While most of these reasons for fear are overblown, most of them have validity at some level. They are reasons for fear. But ultimately, fear and its ugly cousin -- a panicky mob attitude that would make the use of drones politically ostracizing -- is not the answer.
The answer to technology that bothers or threatens people is almost always better technology.
Here's why we all need to resist the coming backlash against drones:
1. Drones are actually pretty safe
The majority of consumer drones are pretty harmless. They're light. Their rotors don't cut when they come in contact with human flesh. Flying a drone is infinitely safer than driving, crossing a busy street, riding bicycles, using gardening tools, using kitchen knives, taking prescription drugs, eating junk food, experiencing stress and any number of things we all accept as everyday realities.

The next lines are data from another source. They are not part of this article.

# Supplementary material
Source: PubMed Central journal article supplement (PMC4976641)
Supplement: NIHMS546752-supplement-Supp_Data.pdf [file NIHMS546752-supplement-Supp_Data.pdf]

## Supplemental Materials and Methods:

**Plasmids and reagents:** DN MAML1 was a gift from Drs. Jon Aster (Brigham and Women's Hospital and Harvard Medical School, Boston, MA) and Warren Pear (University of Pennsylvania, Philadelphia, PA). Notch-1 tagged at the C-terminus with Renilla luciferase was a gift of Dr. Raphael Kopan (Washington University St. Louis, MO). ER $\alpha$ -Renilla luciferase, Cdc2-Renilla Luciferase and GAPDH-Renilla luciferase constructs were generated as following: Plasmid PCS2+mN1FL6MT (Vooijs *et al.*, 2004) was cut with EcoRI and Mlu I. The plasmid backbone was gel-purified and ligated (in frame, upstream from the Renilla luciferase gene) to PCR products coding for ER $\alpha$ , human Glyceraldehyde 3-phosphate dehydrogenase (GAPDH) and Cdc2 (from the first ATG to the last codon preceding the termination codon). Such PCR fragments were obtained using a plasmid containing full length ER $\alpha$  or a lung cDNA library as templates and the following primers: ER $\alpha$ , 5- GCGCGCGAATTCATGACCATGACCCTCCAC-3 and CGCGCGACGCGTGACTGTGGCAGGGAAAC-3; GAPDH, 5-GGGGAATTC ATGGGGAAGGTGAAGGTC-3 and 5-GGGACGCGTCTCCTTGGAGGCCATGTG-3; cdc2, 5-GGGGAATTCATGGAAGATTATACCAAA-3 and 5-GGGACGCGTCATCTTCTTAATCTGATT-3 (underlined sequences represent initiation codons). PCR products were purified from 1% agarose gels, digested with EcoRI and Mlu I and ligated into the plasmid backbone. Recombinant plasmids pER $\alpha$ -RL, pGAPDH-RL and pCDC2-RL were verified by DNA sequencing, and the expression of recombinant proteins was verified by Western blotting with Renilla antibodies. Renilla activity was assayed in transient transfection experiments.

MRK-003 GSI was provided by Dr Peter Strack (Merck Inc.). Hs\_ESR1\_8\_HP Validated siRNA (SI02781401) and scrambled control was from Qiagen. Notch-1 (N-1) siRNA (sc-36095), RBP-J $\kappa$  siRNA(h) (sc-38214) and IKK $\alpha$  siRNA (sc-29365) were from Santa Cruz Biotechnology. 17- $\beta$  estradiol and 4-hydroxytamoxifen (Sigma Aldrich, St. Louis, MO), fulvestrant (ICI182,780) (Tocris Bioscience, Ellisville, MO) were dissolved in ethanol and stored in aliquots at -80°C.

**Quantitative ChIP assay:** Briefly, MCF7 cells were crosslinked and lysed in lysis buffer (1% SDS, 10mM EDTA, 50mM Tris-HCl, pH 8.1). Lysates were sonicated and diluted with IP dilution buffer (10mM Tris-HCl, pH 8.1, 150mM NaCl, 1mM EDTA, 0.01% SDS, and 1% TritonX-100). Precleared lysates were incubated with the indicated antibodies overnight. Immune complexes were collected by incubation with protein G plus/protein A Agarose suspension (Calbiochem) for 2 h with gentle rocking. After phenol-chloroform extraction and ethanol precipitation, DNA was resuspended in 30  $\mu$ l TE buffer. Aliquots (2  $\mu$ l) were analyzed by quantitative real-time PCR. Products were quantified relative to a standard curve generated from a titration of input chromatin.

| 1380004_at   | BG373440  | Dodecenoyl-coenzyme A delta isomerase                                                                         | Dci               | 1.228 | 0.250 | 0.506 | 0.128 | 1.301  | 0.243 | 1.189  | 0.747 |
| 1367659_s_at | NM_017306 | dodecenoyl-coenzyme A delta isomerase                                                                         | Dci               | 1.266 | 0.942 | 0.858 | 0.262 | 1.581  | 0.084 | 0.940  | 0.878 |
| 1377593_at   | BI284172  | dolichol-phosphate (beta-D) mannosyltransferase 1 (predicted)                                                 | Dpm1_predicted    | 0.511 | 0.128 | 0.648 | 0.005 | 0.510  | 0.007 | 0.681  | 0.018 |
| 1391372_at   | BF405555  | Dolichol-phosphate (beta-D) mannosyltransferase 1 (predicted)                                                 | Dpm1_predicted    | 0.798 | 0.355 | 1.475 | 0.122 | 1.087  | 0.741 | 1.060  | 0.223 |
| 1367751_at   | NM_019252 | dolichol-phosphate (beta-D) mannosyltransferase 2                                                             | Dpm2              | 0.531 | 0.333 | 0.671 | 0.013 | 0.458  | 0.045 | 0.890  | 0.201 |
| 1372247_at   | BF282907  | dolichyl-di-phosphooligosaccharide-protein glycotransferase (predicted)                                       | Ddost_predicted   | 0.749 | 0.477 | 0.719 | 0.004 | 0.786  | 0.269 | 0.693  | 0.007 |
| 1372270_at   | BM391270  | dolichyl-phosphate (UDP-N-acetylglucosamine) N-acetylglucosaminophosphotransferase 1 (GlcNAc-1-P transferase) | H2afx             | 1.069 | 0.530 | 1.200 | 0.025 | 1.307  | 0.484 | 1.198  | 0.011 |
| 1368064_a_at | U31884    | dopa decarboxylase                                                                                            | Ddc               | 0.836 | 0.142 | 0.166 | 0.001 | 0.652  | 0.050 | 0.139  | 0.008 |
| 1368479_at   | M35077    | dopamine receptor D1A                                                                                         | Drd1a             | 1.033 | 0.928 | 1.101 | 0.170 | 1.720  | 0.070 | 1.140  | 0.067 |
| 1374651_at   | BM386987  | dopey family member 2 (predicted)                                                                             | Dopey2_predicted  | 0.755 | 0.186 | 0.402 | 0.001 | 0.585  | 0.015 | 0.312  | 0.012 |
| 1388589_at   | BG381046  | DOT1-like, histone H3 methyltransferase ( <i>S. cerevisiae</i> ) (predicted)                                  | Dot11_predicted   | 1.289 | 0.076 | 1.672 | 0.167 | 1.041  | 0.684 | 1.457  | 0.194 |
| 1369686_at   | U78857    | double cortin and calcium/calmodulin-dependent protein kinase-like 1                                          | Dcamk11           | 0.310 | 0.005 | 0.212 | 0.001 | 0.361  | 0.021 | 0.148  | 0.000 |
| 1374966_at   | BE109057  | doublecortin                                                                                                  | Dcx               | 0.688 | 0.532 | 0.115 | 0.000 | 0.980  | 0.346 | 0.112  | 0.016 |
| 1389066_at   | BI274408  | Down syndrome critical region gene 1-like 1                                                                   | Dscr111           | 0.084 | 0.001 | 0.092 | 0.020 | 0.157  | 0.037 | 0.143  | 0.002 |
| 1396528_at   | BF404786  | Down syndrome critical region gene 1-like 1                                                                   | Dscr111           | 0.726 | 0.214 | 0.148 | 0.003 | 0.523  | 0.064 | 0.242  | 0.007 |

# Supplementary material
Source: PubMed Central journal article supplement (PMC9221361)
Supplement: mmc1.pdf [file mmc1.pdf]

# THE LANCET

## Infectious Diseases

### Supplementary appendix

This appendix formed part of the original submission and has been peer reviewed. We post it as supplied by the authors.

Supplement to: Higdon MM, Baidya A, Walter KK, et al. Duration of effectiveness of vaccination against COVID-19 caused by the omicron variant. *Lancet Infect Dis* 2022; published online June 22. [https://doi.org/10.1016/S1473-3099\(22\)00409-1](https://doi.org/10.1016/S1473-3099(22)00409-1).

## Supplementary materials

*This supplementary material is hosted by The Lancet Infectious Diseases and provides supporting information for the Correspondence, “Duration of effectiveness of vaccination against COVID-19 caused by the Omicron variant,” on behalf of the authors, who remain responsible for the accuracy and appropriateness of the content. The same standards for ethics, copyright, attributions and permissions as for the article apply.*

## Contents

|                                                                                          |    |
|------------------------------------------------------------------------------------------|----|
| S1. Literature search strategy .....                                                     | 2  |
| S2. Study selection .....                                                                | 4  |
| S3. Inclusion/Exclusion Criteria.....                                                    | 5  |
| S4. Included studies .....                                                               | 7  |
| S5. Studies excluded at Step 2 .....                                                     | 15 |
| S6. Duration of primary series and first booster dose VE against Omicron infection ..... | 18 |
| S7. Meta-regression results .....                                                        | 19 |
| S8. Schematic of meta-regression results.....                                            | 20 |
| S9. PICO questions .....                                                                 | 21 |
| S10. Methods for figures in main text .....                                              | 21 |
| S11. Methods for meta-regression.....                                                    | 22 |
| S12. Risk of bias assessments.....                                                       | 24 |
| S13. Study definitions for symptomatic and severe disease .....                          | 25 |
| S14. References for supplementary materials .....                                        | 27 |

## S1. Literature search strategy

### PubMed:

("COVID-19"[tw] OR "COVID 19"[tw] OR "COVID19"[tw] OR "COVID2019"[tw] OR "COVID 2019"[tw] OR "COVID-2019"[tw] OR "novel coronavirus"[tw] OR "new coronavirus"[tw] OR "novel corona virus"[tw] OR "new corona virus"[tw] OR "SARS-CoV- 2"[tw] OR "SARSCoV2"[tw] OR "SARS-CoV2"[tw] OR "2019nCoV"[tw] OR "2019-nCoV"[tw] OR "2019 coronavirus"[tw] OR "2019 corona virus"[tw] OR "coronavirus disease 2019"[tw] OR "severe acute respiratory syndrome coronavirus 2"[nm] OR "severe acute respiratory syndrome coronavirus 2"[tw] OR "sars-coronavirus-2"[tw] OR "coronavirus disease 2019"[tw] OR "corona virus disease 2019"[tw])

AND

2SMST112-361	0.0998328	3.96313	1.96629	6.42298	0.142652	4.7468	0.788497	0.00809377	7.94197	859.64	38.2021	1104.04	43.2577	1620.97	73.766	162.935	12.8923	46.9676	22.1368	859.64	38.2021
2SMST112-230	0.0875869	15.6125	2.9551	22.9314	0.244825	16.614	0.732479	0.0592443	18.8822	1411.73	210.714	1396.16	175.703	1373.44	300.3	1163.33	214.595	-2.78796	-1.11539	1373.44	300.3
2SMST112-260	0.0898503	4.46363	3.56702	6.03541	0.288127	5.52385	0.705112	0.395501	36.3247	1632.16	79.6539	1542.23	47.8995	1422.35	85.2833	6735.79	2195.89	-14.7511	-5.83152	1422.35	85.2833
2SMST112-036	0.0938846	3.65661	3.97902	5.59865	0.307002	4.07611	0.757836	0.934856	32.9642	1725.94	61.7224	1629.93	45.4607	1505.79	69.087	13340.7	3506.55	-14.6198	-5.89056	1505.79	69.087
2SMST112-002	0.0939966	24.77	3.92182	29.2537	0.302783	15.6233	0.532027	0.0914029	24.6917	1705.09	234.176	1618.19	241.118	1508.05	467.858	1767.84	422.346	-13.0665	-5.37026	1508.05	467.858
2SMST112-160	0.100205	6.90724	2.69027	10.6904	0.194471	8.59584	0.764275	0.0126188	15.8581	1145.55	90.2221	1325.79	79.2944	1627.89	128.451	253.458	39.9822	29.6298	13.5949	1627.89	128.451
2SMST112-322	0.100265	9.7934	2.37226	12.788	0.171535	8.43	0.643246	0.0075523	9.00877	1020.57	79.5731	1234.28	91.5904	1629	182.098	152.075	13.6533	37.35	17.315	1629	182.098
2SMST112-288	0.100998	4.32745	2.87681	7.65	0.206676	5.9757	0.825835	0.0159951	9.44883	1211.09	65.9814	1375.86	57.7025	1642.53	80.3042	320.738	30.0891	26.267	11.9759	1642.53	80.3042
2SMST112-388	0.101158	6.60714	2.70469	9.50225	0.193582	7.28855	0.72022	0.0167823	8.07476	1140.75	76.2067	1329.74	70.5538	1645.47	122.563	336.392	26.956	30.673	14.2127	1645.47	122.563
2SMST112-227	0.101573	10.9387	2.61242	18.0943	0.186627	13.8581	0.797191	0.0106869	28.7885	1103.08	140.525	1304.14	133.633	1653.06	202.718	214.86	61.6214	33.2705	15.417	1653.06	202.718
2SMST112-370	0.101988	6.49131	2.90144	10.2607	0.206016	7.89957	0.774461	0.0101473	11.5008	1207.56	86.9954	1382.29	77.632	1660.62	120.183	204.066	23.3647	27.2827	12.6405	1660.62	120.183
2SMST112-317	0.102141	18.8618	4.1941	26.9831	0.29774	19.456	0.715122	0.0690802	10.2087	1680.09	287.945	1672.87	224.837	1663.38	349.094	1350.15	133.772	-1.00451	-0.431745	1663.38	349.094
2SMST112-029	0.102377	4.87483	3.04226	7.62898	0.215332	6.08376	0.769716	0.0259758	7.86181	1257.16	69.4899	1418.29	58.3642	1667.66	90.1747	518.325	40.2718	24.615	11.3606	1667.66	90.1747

2. Drones can be designed to be much safer and better
If we were to compare the state of drone development to the history of, say, mobile phones, drones are currently in their Motorola DynaTAC stage.
Over the next year, five years and 10 years, drones will become better in every way -- safer, more automated and quieter, and they will gain capabilities we can't even imagine today.
3. Drones can be programmed to avoid anything
The beauty of drones -- compared with, say, model aircraft, kites, ultralights, hot air balloons, sport pilot airplanes and all the other things flying around (including birds) -- is that drones can be easily programmed to never fly near airports, populated areas or the White House.